Right the gorget tabs of Lieut. Col. Cameron Edwards of the 38th Infantry Battalion. Red, relatively unobtrusive gorget tabs on lapels - so far-away Boer snipers couldn't pick out the officers for special attention - were introduced during the Boer War, to distinguish colonels and generals, when everyone was camouflaged in khaki uniforms,.
Red, relatively unobtrusive gorget tabs on lapels - so far-away Boer snipers couldn't pick out the officers for special attention - were introduced during the Boer War, to distinguish colonels and generals, when everyone was camouflaged in khaki uniforms,. So the gorget tabs, far from detracting from our claim, enhances it significantly instead. More accurate research would probably have prevented Michael Therrien's confusion...

Faces Aged by War: Agar Adamson (1865-1929), who had been on the Front Line, in Belgium, as a Captain with Princess Patricia's Canadian Light Infantry, had been seriously wounded in the Battle of Bellewaerde Ridge in May 1915, when over 80% of the regiment became casualties. He spent five months, in the summer of 1915, recovering in England.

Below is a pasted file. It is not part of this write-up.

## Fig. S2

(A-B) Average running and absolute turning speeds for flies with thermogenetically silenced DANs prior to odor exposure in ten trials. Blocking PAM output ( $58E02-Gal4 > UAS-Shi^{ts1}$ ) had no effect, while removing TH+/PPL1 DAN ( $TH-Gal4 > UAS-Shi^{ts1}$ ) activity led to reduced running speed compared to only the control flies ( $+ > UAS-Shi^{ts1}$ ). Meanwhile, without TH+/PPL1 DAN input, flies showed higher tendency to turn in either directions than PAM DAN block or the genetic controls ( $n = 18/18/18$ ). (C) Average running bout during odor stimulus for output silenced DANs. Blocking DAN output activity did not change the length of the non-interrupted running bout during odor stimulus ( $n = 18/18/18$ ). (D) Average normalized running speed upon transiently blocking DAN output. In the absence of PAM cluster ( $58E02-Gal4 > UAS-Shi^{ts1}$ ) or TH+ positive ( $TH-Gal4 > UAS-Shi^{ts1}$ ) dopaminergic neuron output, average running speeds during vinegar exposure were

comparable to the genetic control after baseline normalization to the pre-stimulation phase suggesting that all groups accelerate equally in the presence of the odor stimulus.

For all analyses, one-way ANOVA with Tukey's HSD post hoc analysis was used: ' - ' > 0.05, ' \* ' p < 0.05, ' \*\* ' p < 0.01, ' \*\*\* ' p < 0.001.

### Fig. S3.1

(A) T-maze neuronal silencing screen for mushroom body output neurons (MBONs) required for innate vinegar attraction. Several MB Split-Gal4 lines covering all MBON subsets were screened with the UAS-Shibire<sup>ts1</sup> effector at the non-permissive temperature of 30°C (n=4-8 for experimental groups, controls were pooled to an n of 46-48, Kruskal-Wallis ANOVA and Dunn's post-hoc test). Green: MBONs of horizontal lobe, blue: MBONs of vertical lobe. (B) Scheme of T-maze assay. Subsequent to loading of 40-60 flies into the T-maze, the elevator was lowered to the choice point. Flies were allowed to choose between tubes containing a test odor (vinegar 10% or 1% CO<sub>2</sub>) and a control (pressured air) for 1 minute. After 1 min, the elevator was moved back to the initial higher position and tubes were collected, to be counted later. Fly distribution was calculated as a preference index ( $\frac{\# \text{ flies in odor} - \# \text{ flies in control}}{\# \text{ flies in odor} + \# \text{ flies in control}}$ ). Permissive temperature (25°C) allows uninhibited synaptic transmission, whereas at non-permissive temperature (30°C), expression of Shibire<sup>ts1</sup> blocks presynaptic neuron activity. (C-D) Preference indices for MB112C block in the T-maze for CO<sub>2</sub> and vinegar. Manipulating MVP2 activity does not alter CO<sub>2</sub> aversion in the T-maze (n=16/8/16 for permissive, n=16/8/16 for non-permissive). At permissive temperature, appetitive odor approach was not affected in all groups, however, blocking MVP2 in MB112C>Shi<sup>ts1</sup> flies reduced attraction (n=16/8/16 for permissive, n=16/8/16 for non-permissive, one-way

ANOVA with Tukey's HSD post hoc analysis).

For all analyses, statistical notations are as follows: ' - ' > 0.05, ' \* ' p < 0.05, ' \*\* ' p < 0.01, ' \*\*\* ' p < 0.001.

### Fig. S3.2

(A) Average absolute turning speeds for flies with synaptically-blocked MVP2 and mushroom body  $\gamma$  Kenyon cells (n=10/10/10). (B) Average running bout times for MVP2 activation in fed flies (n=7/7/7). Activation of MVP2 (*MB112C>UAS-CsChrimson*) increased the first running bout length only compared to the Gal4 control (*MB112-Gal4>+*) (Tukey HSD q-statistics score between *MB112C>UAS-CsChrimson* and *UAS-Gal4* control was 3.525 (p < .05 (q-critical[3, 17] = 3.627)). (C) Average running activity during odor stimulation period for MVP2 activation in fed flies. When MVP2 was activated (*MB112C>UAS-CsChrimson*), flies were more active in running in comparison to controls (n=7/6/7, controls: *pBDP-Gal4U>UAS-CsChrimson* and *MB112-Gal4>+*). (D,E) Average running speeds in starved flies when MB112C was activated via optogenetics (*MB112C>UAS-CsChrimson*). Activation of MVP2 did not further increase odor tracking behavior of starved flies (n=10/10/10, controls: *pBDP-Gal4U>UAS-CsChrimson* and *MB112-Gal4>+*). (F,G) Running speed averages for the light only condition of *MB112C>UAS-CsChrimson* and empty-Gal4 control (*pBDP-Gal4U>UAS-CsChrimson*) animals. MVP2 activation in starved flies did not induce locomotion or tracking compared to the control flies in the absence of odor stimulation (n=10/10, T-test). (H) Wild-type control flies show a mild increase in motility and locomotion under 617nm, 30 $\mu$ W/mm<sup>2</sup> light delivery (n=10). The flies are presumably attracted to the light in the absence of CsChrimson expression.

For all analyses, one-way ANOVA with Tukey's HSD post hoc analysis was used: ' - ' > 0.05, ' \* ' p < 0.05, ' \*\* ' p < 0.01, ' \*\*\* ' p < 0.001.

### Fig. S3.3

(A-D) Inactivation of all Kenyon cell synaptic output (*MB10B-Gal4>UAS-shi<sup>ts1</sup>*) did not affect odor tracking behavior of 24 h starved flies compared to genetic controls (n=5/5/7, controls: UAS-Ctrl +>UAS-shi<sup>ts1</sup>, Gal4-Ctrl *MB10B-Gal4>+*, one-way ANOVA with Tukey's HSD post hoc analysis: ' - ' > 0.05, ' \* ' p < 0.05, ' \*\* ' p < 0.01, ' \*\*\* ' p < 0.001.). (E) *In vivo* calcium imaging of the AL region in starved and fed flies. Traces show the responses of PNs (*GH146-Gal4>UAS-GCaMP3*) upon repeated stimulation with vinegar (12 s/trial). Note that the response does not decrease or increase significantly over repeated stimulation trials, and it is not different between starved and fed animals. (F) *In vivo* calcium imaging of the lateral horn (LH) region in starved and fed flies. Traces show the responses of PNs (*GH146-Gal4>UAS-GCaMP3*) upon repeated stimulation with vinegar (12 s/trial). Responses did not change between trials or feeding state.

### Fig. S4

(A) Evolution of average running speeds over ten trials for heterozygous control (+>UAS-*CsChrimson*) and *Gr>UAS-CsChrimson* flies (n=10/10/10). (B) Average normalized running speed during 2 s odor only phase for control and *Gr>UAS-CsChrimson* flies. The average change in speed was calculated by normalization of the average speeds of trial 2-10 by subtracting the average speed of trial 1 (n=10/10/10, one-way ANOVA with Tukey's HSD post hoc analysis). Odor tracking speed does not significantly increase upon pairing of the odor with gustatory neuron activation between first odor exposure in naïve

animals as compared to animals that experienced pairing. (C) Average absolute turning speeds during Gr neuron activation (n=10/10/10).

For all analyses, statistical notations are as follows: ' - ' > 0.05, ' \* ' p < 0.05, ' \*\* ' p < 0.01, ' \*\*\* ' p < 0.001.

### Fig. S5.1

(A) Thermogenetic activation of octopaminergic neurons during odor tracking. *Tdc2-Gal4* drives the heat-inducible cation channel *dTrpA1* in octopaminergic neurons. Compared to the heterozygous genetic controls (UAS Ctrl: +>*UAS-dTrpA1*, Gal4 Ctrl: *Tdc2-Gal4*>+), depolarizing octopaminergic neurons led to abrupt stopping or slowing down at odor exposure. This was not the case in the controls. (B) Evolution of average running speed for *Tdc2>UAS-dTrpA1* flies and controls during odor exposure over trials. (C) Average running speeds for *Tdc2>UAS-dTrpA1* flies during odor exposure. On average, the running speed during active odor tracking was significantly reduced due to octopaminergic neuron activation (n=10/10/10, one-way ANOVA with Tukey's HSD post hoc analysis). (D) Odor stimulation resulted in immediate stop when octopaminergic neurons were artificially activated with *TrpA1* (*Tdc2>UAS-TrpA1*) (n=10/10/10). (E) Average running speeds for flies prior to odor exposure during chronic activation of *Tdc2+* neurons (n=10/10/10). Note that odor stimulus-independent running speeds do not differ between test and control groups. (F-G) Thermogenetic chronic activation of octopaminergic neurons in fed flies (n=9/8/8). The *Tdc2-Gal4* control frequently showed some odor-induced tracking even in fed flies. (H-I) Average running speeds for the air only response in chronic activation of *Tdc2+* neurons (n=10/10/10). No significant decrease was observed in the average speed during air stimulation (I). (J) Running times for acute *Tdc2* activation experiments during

The man standing beside Agar could very well be Col. Hamilton Gault (1882-1958), below in uniform before he saw war up close, the founder - through his close friendship with the Duke of Connaught - of the PPCLI, and who, in fact, had hired Agar as a Captain for the unit. Gault was also wounded at the same time as Agar. Are these two ravaged faces in recovery together? Do the two recovering officers explain why the nurses are there? Is it a match?

Mabel, and their son Anthony, stayed with Agar during his recuperation. It also explains why the assertive Mabel stands close, and in front of her husband.

Right, nine-year-old Anthony with his father, during that summer.

Anthony Adamson grew up to become a noted architect, contributing greatly to the restoration of Dundurn Castle in Hamilton, ON, and Upper Canada Village, in eastern Ontario, probably Canada's premiere pioneer village assembly of historic buildings. He became a Professor at the University of Toronto, a Reeve for what is today Mississauga, Chairman of the Ontario Arts Council, and a Member of the Order of Canada. He would live to a ripe old age, passing on at 96, on May 3, 2002.

 

Update: We are pleased to publish an alternative time frame for this photograph, suggested by researcher Michael Therrien - he is doing the laborious work of transcribing the PPCLI diaries - who proposed a later date for the photo, which still allows for all the principals to be assembled for a picture opportunity that fits our original above scenario.